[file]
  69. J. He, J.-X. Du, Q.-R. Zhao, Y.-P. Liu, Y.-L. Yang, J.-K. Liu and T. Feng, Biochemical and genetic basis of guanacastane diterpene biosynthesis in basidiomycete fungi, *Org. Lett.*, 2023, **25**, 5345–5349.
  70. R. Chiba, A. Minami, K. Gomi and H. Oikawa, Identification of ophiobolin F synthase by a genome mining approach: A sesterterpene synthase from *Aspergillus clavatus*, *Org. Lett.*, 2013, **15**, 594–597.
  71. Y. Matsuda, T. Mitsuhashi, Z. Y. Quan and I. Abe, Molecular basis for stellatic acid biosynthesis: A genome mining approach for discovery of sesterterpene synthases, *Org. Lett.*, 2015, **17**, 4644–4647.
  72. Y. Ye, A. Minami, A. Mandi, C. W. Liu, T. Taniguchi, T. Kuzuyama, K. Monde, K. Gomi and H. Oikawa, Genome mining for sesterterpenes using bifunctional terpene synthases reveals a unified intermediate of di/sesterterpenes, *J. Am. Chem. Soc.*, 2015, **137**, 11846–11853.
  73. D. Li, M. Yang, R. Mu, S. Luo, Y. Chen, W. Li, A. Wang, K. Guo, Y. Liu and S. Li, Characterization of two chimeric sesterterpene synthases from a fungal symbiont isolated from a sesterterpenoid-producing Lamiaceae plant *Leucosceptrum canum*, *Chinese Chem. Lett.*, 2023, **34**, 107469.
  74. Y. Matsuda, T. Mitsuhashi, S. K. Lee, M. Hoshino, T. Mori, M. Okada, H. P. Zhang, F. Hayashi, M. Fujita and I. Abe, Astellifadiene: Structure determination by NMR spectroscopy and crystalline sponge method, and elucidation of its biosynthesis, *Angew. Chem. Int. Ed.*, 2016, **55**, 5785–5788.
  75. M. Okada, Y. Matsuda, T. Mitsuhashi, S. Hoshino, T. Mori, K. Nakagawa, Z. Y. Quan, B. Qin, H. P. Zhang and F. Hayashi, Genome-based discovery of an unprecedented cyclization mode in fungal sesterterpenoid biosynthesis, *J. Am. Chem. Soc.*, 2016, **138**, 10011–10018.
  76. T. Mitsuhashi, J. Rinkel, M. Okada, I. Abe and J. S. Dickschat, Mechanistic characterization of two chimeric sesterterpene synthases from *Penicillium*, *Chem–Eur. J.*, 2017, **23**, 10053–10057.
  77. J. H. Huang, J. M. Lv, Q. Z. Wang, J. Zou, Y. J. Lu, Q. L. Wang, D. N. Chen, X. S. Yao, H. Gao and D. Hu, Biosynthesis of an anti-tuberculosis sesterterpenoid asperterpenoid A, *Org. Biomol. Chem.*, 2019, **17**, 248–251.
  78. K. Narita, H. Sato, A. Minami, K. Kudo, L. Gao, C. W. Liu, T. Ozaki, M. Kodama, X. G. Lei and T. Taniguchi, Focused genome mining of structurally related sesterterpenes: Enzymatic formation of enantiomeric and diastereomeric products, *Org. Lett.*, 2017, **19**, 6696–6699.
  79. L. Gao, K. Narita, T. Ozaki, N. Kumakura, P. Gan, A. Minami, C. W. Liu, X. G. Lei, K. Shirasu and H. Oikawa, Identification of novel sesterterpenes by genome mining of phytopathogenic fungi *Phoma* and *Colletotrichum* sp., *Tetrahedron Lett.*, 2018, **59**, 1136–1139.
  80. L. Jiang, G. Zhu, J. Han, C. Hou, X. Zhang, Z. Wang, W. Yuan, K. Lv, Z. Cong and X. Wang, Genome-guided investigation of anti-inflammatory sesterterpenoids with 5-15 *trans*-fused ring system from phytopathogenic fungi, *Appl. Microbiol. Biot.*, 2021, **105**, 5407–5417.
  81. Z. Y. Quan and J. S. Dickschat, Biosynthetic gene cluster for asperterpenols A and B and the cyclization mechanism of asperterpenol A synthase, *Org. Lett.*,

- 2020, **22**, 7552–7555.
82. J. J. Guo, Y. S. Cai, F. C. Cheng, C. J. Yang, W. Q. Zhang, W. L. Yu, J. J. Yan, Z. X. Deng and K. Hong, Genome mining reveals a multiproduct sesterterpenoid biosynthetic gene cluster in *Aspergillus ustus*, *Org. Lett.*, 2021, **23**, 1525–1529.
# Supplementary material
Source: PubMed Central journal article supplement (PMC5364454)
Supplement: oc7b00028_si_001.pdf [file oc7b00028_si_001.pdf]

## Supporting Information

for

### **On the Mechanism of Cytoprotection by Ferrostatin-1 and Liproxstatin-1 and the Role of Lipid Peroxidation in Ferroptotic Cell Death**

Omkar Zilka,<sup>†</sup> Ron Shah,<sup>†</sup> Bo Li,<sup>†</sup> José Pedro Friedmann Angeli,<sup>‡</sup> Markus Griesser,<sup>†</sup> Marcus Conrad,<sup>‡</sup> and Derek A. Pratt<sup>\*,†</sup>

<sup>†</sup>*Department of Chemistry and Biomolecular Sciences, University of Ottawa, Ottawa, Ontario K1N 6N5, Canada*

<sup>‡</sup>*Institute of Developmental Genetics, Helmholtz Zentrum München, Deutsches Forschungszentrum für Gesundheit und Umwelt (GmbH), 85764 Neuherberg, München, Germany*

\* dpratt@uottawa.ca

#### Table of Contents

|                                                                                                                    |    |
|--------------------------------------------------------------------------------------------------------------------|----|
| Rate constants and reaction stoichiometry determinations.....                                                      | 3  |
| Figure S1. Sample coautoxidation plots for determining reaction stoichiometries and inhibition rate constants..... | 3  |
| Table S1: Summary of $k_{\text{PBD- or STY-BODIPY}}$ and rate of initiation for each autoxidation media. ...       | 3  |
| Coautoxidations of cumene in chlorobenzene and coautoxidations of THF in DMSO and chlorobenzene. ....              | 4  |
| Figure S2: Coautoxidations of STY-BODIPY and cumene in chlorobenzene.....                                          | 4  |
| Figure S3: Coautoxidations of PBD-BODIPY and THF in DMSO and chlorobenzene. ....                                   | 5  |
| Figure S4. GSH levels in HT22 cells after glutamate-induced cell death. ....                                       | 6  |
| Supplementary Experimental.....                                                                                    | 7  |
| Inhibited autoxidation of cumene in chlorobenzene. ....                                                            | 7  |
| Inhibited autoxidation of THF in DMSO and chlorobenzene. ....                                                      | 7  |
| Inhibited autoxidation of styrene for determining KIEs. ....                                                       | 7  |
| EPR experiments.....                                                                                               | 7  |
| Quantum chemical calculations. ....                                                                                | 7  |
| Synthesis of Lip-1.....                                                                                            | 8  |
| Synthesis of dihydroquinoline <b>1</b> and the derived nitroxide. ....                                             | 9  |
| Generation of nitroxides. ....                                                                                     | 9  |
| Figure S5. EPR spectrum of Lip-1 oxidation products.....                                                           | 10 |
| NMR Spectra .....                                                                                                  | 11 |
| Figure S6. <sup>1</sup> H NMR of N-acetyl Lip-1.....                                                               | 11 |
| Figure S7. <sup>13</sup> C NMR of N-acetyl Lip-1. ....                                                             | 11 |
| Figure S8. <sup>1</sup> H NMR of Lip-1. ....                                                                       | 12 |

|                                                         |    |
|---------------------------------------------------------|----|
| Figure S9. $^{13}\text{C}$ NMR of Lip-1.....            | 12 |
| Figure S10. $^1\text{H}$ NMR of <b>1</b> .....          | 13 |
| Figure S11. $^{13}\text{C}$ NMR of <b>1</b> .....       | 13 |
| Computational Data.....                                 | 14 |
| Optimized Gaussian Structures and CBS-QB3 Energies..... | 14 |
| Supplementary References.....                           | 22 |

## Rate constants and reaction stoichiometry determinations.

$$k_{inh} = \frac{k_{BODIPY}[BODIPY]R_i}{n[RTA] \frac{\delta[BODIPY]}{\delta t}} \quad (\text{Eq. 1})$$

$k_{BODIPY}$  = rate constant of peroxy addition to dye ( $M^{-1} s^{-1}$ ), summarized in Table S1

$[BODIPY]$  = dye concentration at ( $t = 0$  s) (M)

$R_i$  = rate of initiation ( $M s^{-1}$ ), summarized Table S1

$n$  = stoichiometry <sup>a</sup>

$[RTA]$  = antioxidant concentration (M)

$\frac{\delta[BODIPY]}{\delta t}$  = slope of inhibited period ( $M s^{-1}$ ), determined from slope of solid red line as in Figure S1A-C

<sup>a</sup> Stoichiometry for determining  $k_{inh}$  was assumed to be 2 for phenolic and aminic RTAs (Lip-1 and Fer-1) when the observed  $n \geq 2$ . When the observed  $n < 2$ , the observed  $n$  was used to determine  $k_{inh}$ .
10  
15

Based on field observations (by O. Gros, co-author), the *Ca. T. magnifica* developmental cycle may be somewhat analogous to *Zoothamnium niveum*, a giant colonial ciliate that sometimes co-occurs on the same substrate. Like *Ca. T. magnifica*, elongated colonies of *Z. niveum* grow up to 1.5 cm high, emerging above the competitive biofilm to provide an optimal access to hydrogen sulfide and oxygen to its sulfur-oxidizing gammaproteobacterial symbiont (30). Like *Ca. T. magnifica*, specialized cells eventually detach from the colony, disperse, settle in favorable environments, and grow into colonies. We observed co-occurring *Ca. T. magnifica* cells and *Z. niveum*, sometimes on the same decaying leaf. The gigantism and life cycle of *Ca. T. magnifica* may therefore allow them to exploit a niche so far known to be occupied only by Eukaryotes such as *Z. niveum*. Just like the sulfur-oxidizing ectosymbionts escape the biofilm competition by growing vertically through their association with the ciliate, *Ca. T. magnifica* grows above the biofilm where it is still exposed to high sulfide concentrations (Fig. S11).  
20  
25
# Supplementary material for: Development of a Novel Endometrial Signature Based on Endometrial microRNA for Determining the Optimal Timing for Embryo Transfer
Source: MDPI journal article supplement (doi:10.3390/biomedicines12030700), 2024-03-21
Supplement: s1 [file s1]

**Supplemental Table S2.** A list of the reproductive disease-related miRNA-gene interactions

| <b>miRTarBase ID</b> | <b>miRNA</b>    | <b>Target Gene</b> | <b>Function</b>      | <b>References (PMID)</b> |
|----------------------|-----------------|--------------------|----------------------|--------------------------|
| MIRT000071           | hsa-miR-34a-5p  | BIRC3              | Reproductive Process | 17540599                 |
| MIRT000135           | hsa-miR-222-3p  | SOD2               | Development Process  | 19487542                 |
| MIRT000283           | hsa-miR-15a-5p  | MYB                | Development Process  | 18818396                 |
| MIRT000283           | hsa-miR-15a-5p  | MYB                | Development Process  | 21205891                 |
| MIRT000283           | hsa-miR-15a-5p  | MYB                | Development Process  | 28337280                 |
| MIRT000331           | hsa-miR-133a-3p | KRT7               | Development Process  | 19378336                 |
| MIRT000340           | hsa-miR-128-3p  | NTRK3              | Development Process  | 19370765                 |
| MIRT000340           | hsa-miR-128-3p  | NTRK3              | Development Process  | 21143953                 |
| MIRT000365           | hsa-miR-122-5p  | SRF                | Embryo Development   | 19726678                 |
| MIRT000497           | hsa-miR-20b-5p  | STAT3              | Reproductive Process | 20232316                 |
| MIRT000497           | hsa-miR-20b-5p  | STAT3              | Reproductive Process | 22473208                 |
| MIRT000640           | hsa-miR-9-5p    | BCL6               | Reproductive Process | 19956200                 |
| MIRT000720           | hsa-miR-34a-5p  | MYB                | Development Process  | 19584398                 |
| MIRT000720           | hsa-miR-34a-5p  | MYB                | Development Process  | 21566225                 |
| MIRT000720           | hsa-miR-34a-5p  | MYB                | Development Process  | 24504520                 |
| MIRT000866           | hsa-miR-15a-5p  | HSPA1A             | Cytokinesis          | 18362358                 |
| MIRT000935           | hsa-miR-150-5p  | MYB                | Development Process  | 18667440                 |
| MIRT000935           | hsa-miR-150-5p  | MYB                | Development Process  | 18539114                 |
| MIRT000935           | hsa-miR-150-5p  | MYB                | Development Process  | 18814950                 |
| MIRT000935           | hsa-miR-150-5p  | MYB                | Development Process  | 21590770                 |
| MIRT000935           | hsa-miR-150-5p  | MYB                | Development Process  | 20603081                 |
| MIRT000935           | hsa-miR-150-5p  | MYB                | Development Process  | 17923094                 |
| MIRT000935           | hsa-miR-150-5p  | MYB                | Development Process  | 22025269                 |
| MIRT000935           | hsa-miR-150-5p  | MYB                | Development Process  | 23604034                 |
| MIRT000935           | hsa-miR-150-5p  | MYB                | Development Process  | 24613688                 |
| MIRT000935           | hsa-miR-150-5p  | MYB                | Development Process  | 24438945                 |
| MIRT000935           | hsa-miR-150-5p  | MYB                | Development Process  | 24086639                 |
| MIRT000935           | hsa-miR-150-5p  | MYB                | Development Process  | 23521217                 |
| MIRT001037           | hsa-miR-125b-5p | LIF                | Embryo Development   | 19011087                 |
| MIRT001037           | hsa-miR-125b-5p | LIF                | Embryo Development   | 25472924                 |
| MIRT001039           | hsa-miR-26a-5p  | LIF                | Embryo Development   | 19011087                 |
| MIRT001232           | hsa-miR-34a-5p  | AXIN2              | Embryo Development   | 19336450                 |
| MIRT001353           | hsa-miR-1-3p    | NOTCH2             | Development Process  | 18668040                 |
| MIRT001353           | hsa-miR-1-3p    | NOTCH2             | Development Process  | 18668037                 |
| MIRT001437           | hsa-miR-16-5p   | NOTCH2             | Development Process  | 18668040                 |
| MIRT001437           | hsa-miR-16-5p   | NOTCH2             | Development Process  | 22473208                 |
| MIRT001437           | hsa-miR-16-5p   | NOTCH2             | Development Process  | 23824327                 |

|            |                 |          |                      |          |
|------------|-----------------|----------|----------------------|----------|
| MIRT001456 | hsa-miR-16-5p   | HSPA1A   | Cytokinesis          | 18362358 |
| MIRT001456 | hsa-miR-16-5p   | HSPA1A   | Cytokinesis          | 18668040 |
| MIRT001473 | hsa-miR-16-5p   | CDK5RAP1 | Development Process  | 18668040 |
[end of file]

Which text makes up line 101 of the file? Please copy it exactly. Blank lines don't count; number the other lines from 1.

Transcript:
| MIRT000935           | hsa-miR-150-5p  | MYB                | Development Process  | 23604034                 |